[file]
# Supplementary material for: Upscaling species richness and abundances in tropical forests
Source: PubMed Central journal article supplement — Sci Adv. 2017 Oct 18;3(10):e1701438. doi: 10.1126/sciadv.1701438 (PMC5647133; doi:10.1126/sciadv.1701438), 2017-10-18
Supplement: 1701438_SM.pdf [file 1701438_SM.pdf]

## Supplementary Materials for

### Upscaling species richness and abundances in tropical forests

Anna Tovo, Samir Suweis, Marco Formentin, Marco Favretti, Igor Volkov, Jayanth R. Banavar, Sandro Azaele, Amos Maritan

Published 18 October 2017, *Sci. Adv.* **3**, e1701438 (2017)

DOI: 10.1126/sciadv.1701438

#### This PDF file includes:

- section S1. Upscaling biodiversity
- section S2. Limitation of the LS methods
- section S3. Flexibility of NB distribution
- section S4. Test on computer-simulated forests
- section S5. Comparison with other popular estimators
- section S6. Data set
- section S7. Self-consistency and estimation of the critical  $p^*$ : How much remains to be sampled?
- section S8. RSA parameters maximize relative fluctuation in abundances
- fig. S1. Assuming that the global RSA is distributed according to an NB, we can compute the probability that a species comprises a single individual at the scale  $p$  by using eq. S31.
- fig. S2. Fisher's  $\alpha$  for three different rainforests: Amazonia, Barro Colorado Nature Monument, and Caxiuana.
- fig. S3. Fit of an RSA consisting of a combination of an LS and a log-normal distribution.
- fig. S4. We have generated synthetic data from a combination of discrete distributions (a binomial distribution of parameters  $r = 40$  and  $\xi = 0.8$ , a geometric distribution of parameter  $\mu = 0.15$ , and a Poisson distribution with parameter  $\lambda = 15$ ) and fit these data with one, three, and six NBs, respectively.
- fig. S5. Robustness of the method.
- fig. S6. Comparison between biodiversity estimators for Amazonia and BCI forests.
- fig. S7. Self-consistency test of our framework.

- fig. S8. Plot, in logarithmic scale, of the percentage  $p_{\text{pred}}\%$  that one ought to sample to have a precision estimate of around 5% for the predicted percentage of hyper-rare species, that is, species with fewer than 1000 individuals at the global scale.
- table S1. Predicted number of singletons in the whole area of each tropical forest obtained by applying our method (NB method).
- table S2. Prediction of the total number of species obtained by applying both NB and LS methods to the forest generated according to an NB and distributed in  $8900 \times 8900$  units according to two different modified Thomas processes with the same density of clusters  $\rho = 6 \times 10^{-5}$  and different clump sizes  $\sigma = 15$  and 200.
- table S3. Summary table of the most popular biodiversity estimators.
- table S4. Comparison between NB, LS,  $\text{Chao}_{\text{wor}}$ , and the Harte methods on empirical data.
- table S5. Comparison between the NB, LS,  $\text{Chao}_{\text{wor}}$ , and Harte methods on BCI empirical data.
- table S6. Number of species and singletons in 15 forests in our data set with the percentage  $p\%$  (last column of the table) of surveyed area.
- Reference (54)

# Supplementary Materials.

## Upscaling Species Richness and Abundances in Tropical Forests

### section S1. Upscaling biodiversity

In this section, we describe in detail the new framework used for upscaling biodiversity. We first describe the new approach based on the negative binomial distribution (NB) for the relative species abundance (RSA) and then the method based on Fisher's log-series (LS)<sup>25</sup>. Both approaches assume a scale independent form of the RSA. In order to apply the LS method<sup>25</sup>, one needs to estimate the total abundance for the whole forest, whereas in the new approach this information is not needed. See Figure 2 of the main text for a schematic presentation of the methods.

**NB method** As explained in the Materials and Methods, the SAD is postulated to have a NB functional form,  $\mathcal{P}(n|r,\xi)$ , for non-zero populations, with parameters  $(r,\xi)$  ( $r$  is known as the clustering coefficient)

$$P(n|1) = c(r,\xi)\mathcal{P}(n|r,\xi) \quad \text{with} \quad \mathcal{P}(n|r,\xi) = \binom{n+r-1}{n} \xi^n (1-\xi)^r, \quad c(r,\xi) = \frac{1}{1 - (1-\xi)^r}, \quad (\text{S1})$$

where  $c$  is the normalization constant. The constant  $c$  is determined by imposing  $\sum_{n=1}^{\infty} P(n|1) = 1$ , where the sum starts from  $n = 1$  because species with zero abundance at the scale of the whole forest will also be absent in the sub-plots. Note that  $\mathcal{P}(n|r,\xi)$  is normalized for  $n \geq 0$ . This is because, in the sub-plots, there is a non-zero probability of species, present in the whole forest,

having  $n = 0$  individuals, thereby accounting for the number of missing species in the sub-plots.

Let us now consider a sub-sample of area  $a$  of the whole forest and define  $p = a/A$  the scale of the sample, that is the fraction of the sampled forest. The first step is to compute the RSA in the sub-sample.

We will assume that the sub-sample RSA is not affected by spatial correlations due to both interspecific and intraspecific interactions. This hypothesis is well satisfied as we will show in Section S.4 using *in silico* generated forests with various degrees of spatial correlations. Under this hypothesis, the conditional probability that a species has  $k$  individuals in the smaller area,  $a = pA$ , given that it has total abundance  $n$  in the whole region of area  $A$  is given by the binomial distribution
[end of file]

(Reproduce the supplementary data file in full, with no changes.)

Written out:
# Supplementary material for: Upscaling species richness and abundances in tropical forests
Source: PubMed Central journal article supplement — Sci Adv. 2017 Oct 18;3(10):e1701438. doi: 10.1126/sciadv.1701438 (PMC5647133; doi:10.1126/sciadv.1701438), 2017-10-18
Supplement: 1701438_SM.pdf [file 1701438_SM.pdf]

## Supplementary Materials for

### Upscaling species richness and abundances in tropical forests

Anna Tovo, Samir Suweis, Marco Formentin, Marco Favretti, Igor Volkov, Jayanth R. Banavar, Sandro Azaele, Amos Maritan

Published 18 October 2017, *Sci. Adv.* **3**, e1701438 (2017)

DOI: 10.1126/sciadv.1701438

#### This PDF file includes:

- section S1. Upscaling biodiversity
- section S2. Limitation of the LS methods
- section S3. Flexibility of NB distribution
- section S4. Test on computer-simulated forests
- section S5. Comparison with other popular estimators
- section S6. Data set
- section S7. Self-consistency and estimation of the critical  $p^*$ : How much remains to be sampled?
- section S8. RSA parameters maximize relative fluctuation in abundances
- fig. S1. Assuming that the global RSA is distributed according to an NB, we can compute the probability that a species comprises a single individual at the scale  $p$  by using eq. S31.
- fig. S2. Fisher's  $\alpha$  for three different rainforests: Amazonia, Barro Colorado Nature Monument, and Caxiuana.
- fig. S3. Fit of an RSA consisting of a combination of an LS and a log-normal distribution.
- fig. S4. We have generated synthetic data from a combination of discrete distributions (a binomial distribution of parameters  $r = 40$  and  $\xi = 0.8$ , a geometric distribution of parameter  $\mu = 0.15$ , and a Poisson distribution with parameter  $\lambda = 15$ ) and fit these data with one, three, and six NBs, respectively.
- fig. S5. Robustness of the method.
- fig. S6. Comparison between biodiversity estimators for Amazonia and BCI forests.
- fig. S7. Self-consistency test of our framework.

- fig. S8. Plot, in logarithmic scale, of the percentage  $p_{\text{pred}}\%$  that one ought to sample to have a precision estimate of around 5% for the predicted percentage of hyper-rare species, that is, species with fewer than 1000 individuals at the global scale.
- table S1. Predicted number of singletons in the whole area of each tropical forest obtained by applying our method (NB method).
- table S2. Prediction of the total number of species obtained by applying both NB and LS methods to the forest generated according to an NB and distributed in  $8900 \times 8900$  units according to two different modified Thomas processes with the same density of clusters  $\rho = 6 \times 10^{-5}$  and different clump sizes  $\sigma = 15$  and 200.
- table S3. Summary table of the most popular biodiversity estimators.
- table S4. Comparison between NB, LS,  $\text{Chao}_{\text{wor}}$ , and the Harte methods on empirical data.
- table S5. Comparison between the NB, LS,  $\text{Chao}_{\text{wor}}$ , and Harte methods on BCI empirical data.
- table S6. Number of species and singletons in 15 forests in our data set with the percentage  $p\%$  (last column of the table) of surveyed area.
- Reference (54)

# Supplementary Materials.

## Upscaling Species Richness and Abundances in Tropical Forests

### section S1. Upscaling biodiversity

In this section, we describe in detail the new framework used for upscaling biodiversity. We first describe the new approach based on the negative binomial distribution (NB) for the relative species abundance (RSA) and then the method based on Fisher's log-series (LS)<sup>25</sup>. Both approaches assume a scale independent form of the RSA. In order to apply the LS method<sup>25</sup>, one needs to estimate the total abundance for the whole forest, whereas in the new approach this information is not needed. See Figure 2 of the main text for a schematic presentation of the methods.

**NB method** As explained in the Materials and Methods, the SAD is postulated to have a NB functional form,  $\mathcal{P}(n|r,\xi)$ , for non-zero populations, with parameters  $(r,\xi)$  ( $r$  is known as the clustering coefficient)

$$P(n|1) = c(r,\xi)\mathcal{P}(n|r,\xi) \quad \text{with} \quad \mathcal{P}(n|r,\xi) = \binom{n+r-1}{n} \xi^n (1-\xi)^r, \quad c(r,\xi) = \frac{1}{1 - (1-\xi)^r}, \quad (\text{S1})$$

where  $c$  is the normalization constant. The constant  $c$  is determined by imposing  $\sum_{n=1}^{\infty} P(n|1) = 1$ , where the sum starts from  $n = 1$  because species with zero abundance at the scale of the whole forest will also be absent in the sub-plots. Note that  $\mathcal{P}(n|r,\xi)$  is normalized for  $n \geq 0$ . This is because, in the sub-plots, there is a non-zero probability of species, present in the whole forest,

having  $n = 0$  individuals, thereby accounting for the number of missing species in the sub-plots.

Let us now consider a sub-sample of area  $a$  of the whole forest and define  $p = a/A$  the scale of the sample, that is the fraction of the sampled forest. The first step is to compute the RSA in the sub-sample.

We will assume that the sub-sample RSA is not affected by spatial correlations due to both interspecific and intraspecific interactions. This hypothesis is well satisfied as we will show in Section S.4 using *in silico* generated forests with various degrees of spatial correlations. Under this hypothesis, the conditional probability that a species has  $k$  individuals in the smaller area,  $a = pA$ , given that it has total abundance  $n$  in the whole region of area  $A$  is given by the binomial distribution